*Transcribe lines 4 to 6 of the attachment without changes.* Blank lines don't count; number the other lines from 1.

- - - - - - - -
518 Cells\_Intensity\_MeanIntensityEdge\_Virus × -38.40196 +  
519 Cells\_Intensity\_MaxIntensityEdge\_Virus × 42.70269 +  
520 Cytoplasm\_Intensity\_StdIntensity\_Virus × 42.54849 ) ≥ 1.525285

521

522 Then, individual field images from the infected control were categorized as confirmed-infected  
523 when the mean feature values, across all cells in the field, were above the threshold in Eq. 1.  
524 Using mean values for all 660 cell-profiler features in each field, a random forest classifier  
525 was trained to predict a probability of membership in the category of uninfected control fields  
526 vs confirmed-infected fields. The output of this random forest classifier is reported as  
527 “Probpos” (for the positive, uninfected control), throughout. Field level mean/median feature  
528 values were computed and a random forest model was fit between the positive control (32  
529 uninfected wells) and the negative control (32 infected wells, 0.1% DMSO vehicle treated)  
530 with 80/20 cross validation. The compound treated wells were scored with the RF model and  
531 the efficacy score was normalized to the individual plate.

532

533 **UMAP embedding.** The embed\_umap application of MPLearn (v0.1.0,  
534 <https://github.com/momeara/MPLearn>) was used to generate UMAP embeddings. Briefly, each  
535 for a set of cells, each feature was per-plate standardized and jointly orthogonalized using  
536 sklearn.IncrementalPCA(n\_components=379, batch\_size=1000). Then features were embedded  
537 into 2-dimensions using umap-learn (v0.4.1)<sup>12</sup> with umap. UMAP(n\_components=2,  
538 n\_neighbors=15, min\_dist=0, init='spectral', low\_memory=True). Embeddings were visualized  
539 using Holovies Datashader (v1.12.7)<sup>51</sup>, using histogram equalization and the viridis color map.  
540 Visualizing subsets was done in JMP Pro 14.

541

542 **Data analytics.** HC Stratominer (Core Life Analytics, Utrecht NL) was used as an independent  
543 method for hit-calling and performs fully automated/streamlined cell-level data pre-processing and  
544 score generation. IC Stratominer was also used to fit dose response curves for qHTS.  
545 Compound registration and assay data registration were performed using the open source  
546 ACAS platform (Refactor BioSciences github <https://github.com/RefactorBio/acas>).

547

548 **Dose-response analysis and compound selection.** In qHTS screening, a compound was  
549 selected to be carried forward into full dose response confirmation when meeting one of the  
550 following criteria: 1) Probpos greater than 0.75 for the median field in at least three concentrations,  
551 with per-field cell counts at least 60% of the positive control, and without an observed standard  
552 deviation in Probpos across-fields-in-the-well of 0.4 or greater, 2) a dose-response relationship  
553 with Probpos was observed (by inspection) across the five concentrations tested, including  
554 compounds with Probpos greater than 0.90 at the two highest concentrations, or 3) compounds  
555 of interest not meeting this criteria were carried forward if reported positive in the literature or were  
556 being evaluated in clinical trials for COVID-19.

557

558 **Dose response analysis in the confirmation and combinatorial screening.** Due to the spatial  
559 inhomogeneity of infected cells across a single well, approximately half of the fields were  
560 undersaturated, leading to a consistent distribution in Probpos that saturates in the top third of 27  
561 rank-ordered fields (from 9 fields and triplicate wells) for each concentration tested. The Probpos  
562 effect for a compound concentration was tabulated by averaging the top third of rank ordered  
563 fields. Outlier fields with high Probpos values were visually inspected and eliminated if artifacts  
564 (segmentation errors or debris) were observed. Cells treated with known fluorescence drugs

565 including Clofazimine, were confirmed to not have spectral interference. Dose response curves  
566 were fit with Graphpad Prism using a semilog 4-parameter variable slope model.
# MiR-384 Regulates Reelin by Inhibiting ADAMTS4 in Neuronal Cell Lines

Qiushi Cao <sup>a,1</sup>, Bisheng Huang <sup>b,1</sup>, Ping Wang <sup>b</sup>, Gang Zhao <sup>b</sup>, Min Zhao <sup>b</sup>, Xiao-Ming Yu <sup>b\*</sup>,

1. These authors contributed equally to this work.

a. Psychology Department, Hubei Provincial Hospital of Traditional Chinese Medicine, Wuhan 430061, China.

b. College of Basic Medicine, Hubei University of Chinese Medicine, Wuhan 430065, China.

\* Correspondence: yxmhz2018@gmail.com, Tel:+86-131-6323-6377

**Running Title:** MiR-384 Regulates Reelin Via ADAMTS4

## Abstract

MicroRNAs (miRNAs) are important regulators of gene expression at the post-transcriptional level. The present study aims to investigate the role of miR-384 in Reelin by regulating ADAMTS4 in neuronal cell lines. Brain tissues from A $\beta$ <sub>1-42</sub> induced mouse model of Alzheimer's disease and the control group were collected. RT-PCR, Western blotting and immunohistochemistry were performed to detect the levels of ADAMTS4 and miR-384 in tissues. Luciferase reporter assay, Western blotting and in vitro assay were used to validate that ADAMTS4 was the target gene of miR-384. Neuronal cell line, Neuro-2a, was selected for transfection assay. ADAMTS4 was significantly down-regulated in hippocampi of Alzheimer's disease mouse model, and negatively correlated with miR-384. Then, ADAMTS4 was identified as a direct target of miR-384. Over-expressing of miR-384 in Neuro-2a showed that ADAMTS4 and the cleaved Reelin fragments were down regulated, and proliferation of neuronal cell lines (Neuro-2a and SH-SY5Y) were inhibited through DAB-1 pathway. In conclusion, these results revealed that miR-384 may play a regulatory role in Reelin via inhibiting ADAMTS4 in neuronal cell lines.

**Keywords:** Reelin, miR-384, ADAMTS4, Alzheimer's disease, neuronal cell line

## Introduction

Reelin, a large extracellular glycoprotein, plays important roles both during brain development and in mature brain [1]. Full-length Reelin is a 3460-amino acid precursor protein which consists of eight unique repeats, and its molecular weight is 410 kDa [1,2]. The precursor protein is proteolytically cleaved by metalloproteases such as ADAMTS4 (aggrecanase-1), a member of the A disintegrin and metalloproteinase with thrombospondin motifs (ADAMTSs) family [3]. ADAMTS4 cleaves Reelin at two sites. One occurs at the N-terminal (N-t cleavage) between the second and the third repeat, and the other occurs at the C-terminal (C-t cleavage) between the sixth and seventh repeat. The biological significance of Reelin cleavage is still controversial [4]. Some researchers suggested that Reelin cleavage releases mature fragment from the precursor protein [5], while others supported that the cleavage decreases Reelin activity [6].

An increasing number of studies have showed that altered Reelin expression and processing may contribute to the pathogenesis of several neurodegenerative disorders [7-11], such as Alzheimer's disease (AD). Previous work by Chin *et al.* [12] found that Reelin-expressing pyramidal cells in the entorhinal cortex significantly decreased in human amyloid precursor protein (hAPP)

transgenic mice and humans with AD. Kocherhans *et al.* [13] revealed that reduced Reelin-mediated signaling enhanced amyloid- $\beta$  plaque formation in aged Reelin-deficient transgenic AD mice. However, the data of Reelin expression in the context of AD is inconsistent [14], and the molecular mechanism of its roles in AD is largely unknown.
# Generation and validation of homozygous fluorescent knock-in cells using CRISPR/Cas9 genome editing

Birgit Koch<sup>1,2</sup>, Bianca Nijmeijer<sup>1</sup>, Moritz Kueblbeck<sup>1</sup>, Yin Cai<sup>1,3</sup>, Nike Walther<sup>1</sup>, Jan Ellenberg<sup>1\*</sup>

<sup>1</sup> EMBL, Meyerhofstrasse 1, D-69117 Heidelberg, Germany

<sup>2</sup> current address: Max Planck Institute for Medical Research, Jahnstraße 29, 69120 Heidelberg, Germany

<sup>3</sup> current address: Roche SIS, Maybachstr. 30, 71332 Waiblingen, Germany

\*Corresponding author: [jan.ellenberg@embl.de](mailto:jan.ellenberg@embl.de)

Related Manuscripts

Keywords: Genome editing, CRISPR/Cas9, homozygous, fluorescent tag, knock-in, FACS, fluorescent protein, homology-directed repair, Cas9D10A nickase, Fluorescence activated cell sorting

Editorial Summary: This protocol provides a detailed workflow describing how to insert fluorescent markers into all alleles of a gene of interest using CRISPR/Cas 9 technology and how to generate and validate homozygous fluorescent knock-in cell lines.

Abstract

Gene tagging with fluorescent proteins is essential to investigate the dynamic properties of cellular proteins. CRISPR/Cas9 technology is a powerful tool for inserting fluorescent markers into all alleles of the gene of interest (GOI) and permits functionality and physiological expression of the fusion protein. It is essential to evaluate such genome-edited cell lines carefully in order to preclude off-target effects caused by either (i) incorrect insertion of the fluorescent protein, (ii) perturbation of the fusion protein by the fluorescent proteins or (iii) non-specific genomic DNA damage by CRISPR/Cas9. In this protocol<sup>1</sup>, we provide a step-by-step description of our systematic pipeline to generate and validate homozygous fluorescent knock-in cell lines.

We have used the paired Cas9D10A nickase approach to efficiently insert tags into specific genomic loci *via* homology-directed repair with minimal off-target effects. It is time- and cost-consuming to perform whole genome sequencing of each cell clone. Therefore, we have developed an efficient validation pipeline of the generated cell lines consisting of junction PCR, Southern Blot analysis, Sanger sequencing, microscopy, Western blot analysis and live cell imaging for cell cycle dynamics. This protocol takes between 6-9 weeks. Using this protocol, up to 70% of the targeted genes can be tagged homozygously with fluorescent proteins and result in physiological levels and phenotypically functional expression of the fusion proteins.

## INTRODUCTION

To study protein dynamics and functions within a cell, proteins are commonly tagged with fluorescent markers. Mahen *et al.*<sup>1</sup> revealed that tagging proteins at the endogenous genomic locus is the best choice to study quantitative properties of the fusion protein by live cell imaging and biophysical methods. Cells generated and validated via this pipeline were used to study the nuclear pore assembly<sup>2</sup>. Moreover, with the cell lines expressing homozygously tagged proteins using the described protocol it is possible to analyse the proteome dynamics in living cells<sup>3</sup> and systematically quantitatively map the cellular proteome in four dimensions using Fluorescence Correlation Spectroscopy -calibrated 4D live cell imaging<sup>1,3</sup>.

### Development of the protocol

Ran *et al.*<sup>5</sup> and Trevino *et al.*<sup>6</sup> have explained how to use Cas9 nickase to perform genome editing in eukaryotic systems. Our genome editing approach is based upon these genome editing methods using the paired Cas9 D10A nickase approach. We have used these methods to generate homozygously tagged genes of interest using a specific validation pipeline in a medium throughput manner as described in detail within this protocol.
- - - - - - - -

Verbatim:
521

522 Then, individual field images from the infected control were categorized as confirmed-infected  
523 when the mean feature values, across all cells in the field, were above the threshold in Eq. 1.  